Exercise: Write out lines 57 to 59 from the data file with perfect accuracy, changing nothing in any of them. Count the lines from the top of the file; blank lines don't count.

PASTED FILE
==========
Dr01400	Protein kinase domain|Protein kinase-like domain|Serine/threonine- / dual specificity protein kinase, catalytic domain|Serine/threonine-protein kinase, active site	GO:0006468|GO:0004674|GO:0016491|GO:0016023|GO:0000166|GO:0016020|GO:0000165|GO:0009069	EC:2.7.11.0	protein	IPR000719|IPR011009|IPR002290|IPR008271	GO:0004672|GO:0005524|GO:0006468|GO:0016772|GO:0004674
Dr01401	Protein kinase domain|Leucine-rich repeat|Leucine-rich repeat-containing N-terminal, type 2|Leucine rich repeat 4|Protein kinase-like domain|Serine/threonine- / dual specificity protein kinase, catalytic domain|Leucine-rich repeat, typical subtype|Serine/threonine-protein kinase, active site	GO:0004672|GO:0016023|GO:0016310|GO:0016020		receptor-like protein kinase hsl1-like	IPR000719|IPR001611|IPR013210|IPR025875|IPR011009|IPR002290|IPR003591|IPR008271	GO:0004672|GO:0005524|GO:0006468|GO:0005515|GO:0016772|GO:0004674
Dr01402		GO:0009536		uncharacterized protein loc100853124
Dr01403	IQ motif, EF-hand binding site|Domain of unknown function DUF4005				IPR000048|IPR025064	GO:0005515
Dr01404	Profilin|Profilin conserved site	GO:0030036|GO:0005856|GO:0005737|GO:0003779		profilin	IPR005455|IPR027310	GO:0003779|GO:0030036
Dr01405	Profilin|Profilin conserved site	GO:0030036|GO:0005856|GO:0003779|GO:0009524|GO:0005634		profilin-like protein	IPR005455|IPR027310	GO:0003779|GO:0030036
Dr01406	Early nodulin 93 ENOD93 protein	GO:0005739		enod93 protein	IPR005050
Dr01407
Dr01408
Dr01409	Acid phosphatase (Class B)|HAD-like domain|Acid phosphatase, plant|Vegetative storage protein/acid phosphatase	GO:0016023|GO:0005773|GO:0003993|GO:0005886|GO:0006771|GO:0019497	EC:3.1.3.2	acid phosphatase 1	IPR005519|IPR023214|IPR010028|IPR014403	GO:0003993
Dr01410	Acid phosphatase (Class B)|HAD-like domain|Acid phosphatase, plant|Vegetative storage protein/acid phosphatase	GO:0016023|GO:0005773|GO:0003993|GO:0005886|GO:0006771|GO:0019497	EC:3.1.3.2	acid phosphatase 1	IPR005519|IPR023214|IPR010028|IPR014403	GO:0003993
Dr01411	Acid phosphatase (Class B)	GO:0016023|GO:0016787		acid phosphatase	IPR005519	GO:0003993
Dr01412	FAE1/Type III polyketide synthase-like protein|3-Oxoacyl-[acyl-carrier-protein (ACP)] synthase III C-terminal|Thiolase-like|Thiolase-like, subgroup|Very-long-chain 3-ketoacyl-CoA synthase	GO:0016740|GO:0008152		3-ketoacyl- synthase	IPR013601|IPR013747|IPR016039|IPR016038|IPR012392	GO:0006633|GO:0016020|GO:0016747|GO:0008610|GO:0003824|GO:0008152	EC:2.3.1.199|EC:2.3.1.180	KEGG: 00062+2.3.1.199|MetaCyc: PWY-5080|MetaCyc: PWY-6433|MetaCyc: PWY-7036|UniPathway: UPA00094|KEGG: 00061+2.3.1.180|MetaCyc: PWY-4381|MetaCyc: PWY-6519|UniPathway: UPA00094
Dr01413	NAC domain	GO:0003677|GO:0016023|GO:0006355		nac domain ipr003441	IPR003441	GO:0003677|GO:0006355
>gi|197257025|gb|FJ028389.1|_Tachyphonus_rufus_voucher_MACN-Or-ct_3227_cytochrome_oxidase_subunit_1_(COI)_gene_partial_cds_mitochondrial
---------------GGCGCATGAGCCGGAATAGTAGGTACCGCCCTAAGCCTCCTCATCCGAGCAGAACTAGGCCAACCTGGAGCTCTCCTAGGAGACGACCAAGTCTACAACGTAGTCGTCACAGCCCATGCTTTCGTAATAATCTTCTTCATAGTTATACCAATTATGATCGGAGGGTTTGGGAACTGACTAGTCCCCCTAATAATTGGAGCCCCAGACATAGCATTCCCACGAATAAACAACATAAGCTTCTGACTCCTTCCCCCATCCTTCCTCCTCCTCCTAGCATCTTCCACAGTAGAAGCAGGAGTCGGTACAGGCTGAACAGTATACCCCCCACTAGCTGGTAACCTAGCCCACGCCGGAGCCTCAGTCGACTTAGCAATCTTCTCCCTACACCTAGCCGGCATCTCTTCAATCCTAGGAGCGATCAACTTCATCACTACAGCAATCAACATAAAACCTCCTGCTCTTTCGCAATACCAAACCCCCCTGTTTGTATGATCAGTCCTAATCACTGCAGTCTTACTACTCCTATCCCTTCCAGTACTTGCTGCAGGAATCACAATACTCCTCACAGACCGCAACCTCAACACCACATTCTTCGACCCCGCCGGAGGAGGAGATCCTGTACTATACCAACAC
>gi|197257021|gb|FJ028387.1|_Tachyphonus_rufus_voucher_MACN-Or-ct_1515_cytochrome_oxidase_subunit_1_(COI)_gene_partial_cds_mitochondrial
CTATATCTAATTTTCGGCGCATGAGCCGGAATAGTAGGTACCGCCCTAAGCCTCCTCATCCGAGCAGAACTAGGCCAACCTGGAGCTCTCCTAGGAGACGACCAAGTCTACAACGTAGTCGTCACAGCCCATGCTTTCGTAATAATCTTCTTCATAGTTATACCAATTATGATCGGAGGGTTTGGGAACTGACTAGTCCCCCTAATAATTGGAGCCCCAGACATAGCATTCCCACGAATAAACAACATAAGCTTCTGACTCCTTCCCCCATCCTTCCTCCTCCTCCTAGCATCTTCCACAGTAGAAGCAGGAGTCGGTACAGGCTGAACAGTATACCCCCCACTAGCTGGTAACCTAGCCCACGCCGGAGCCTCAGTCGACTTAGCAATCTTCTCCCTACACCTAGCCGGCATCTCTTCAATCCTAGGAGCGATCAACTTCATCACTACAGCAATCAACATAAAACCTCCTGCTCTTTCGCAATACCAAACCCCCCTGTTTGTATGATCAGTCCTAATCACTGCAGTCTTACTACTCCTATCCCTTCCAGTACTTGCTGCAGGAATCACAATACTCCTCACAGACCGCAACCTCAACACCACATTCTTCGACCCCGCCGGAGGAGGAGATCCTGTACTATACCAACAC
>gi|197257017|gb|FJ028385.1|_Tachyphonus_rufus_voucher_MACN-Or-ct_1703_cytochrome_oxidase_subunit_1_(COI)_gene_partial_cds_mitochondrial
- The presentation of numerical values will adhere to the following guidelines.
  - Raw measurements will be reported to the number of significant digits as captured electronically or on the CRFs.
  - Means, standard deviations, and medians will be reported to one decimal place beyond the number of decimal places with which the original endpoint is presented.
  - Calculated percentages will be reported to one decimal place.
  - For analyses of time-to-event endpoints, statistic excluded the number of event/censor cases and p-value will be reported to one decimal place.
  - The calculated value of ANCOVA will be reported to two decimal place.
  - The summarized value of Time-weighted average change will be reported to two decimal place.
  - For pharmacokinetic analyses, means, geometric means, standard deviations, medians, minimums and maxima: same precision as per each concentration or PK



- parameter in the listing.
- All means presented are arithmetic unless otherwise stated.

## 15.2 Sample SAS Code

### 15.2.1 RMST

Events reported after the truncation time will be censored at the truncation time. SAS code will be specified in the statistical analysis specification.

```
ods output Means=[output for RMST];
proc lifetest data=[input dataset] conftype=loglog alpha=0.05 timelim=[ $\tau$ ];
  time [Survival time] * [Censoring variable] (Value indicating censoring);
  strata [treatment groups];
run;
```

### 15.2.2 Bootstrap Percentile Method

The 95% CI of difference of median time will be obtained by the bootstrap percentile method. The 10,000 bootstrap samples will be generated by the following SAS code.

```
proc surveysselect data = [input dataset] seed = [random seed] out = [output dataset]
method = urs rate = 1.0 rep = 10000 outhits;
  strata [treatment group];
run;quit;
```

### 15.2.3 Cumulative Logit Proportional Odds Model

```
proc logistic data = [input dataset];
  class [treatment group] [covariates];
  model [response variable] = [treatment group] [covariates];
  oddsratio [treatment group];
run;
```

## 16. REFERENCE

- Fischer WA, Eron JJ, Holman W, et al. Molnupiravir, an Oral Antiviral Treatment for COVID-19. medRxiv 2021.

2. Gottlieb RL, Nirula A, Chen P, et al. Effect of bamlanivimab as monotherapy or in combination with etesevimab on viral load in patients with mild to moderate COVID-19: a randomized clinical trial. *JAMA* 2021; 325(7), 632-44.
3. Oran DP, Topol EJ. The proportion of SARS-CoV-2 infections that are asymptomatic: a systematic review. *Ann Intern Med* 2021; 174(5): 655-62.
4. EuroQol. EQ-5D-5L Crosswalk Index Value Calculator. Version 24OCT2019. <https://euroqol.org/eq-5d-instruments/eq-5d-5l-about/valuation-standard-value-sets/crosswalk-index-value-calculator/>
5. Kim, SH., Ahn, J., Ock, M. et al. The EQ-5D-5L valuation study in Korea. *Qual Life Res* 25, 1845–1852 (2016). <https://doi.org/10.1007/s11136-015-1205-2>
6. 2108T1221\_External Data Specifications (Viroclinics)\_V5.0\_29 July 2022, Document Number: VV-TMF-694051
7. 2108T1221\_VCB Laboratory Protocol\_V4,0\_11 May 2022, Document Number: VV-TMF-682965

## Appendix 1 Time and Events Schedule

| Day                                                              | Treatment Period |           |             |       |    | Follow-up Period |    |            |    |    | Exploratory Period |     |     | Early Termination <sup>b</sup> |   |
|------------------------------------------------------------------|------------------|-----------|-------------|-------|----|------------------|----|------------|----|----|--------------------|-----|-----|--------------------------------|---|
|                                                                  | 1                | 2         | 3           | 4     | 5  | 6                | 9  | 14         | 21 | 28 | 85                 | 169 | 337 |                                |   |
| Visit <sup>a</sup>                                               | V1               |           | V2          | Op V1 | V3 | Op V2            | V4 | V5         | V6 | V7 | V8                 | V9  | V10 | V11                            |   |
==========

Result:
- Fischer WA, Eron JJ, Holman W, et al. Molnupiravir, an Oral Antiviral Treatment for COVID-19. medRxiv 2021.

2. Gottlieb RL, Nirula A, Chen P, et al. Effect of bamlanivimab as monotherapy or in combination with etesevimab on viral load in patients with mild to moderate COVID-19: a randomized clinical trial. *JAMA* 2021; 325(7), 632-44.
3. Oran DP, Topol EJ. The proportion of SARS-CoV-2 infections that are asymptomatic: a systematic review. *Ann Intern Med* 2021; 174(5): 655-62.